I want to do something different, content wise, with the next several blogs. Call it a series if you like. I have a vague idea where I am starting; no clue where it will end. I want to think about the nature and structure of the Church. I would welcome your thoughts or even future conversations.
In response to the statement, “I don’t like organized religion,” someone once asked, “Would you prefer disorganized religion?” My response would be that I prefer no religion at all. I have stated at other times that I think religion is a system that comes out of human development and, many days, misses the point. Jesus talked about relationships in numerous directions and how they were to be built on love. But the Jesus Way got to be quite large and the early leaders believed they needed to “organize” it all so it would be manageable. The problem is that the movement was also diverse to the extreme and the manageability became something akin to herding cats. So now, the earthly “body” of this Jesus which we call Church has structure, hierarchy, schedules, councils, conferences, convocations, resolutions, by-laws, boards, committees, denominations, doctrine, creeds, buildings all over the place, differences that divide and separate, lots and lots of meetings, and a notion on the part of no small number of groupings that, in reality, at the resurrection, God said “Yes” to Caesar and not to Jesus.
When I say “Oh my God”, I’m not swearing. I’m praying. Where do we start?
Since we are faced with such a massive amount of diversity, differences, and beliefs, I know of no other way to deal with this mess than to allow for some organization. But what shape could it take? I’m thinking the least that will really do.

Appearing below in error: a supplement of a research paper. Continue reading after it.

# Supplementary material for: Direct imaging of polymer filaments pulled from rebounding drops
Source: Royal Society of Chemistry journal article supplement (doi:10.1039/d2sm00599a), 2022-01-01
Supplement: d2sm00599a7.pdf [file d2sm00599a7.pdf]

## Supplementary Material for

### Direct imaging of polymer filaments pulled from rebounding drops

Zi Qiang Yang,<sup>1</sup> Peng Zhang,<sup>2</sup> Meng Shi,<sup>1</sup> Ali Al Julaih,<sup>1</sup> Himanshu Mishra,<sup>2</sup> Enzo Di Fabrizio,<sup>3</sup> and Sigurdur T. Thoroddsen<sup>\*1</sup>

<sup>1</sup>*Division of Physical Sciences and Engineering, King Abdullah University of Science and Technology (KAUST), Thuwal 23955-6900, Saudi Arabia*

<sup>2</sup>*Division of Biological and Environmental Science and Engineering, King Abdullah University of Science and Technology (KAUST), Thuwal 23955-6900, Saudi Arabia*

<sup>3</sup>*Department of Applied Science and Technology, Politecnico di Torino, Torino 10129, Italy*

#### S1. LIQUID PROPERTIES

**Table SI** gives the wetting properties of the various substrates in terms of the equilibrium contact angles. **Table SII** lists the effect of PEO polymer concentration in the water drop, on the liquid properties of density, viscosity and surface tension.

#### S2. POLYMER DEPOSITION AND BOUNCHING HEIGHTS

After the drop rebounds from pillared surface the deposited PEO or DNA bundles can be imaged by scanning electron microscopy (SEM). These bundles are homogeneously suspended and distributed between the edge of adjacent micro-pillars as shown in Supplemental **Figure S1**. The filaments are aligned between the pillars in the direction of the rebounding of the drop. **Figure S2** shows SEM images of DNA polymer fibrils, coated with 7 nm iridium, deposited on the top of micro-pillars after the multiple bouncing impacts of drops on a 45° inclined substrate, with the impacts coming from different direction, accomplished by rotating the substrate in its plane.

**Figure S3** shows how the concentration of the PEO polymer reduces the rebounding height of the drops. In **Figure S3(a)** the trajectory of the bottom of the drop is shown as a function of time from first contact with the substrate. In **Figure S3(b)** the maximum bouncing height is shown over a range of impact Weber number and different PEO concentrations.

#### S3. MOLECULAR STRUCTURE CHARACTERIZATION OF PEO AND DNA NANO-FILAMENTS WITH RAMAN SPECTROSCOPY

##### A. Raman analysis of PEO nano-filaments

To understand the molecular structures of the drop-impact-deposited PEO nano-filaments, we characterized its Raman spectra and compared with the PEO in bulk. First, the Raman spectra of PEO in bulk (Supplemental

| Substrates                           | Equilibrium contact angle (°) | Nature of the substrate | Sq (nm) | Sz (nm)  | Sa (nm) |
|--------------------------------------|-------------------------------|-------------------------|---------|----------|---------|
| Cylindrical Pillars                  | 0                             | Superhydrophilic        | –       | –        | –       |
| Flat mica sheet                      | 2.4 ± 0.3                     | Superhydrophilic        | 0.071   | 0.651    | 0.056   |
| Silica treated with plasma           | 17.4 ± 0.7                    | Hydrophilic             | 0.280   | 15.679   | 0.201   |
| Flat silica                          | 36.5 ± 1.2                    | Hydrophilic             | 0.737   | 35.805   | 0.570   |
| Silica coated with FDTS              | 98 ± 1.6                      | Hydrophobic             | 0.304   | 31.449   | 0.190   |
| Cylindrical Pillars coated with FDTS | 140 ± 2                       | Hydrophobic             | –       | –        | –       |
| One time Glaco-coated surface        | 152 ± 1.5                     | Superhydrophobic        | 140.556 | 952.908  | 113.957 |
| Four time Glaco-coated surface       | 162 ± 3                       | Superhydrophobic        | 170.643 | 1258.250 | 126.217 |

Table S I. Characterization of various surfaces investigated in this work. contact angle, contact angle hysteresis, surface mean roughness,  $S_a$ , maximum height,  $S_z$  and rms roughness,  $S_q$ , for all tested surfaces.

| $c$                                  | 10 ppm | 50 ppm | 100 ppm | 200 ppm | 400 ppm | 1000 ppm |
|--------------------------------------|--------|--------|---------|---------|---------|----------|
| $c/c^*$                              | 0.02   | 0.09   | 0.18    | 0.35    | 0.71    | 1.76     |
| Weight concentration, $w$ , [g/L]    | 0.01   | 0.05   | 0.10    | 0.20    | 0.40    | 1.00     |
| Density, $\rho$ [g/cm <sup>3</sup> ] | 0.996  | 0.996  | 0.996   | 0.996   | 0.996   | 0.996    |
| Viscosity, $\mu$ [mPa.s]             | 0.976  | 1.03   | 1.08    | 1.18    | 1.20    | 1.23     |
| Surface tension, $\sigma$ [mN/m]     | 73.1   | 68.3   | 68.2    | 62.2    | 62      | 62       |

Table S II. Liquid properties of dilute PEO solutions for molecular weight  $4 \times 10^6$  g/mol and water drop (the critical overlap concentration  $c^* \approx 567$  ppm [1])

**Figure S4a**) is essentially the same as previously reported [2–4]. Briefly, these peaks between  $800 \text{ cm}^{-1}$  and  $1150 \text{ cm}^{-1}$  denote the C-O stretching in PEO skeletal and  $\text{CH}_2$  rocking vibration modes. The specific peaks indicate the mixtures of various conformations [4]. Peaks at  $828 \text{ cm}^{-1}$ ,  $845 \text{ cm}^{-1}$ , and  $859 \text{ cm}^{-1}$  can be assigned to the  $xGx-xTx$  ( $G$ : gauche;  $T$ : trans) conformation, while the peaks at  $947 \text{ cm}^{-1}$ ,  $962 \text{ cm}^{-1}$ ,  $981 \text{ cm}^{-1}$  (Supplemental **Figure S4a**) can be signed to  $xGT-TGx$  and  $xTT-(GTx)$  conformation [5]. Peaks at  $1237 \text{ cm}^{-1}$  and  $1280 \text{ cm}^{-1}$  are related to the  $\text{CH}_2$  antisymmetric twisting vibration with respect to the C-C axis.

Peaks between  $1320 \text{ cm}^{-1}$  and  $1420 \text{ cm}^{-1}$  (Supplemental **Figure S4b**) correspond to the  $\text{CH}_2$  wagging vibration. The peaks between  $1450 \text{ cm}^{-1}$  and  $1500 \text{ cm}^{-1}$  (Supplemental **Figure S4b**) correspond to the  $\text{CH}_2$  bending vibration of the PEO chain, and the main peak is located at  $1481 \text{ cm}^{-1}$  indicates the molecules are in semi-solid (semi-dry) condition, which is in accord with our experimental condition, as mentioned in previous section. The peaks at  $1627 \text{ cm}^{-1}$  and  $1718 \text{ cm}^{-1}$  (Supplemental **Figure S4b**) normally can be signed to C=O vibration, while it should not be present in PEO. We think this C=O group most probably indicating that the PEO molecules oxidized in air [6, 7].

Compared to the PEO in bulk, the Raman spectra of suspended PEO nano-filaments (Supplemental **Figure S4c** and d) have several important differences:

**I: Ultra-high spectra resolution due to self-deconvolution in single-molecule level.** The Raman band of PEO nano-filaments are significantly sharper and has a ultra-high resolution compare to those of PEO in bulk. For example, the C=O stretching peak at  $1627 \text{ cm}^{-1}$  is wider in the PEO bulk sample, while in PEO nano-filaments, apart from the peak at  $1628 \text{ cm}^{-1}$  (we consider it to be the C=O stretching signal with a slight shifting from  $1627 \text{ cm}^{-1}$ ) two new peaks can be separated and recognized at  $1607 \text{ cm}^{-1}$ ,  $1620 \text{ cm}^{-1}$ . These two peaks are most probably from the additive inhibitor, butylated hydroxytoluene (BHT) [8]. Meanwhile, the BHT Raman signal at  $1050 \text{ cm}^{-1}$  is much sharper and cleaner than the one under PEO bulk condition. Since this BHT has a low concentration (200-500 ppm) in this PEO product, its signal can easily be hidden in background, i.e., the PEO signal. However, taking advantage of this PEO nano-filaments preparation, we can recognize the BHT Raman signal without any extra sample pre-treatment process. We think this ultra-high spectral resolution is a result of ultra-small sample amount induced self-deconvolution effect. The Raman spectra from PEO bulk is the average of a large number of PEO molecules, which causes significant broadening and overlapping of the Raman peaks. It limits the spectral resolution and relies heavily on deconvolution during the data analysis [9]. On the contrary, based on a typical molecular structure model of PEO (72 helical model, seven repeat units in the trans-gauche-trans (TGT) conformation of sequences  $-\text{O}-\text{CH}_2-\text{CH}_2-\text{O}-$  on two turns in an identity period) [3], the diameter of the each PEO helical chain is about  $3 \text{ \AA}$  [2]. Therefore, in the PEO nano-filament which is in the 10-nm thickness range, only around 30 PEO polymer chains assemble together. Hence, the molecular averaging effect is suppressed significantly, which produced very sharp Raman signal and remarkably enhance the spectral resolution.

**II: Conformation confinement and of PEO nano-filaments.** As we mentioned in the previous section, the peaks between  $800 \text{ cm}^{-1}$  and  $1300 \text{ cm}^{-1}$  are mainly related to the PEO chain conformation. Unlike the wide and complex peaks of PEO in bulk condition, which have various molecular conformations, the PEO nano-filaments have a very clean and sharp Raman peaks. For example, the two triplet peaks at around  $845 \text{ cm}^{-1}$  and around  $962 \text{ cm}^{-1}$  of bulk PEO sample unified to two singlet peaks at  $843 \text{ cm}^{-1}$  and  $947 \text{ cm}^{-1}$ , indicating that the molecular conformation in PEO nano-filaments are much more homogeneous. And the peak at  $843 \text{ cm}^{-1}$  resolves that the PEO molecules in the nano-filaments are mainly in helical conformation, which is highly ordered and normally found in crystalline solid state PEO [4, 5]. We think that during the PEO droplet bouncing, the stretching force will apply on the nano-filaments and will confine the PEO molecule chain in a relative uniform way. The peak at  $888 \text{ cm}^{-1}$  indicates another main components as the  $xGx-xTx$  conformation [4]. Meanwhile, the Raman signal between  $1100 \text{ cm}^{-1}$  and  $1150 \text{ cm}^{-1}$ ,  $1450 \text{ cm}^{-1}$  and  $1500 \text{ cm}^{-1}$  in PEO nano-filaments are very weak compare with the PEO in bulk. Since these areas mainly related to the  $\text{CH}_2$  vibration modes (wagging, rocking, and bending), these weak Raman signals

So I will start with the presence of leadership in the church. Of course, we have this major division that corrupted the process from the start, namely, clergy and laity. Since the drive for power has become a hallmark in both camps down through the ages, that polarization only stymies any effectiveness. The clergy lead and use the laity to do things they don’t want to do or do not have time for. But no one likes to be used. So would a more balanced division of responsibilities be possible?
Going back beyond even the earliest church leadership and trying to understand the way of Jesus, it seems that the arrangement was a circle, not a hierarchy. The emphasis was on service, not power or control. Perhaps the one who “leads” ought to be the first in the trenches and the first to get their hands dirty.
What about allowing others from the laity to preach, lead communion (not assist), even baptize? And both male and female so participate. Pastoral Care….why must that be only the realm of the ordained one? I’ve known of those, not ordained, who could visit the sick, listen to the bewildered, show compassion in all things as effectively as anyone who has had the laying on of hands.
The book of Ephesians is designated as one of the letters of Paul, but a good number of scholars think that the epistle was written after Paul’s time by someone who knew him and his thought and who used Paul’s name. That kind of thing was common and acceptable in ancient times. Chapter 4 of Ephesians speaks of gifts that were recognized in the life of the church at the time. The first part of the chapter seems to speak to the developing need to somehow organize this “body.” I encourage you to read verses 11 -16 of that chapter. When you read it, take out the commas. They were not found in the Greek text. It also makes the whole reading flow with the idea of folk working together to build something, namely, the “body.” I am also intrigued that the pastor is not just pastor alone, but pastor and teacher. Should she or he preach? Probably so, but not with just moralistic diatribes. Even the proclamation should have an element of teaching to it.
It is important for the contemporary church to re-think or re-educate herself. Indeed, it is a must. Years ago, in psychotherapeutic quarters, there was the idea of how we are all programmed and conditioned by the “tapes” that have been made in our minds. The “tapes” cause us to see, think, hear, and respond in ways that are sometimes very unhealthy and often untrue. So, the gist of the therapy was that one should learn how to erase, at least some of, those present “tapes” and make some new ones. I believe it was described as the heightening of awareness or consciousness and learning how to live by truth as one understood it. The analogy applies to the church. Some things we must erase, and other things we must create as new.
More to follow.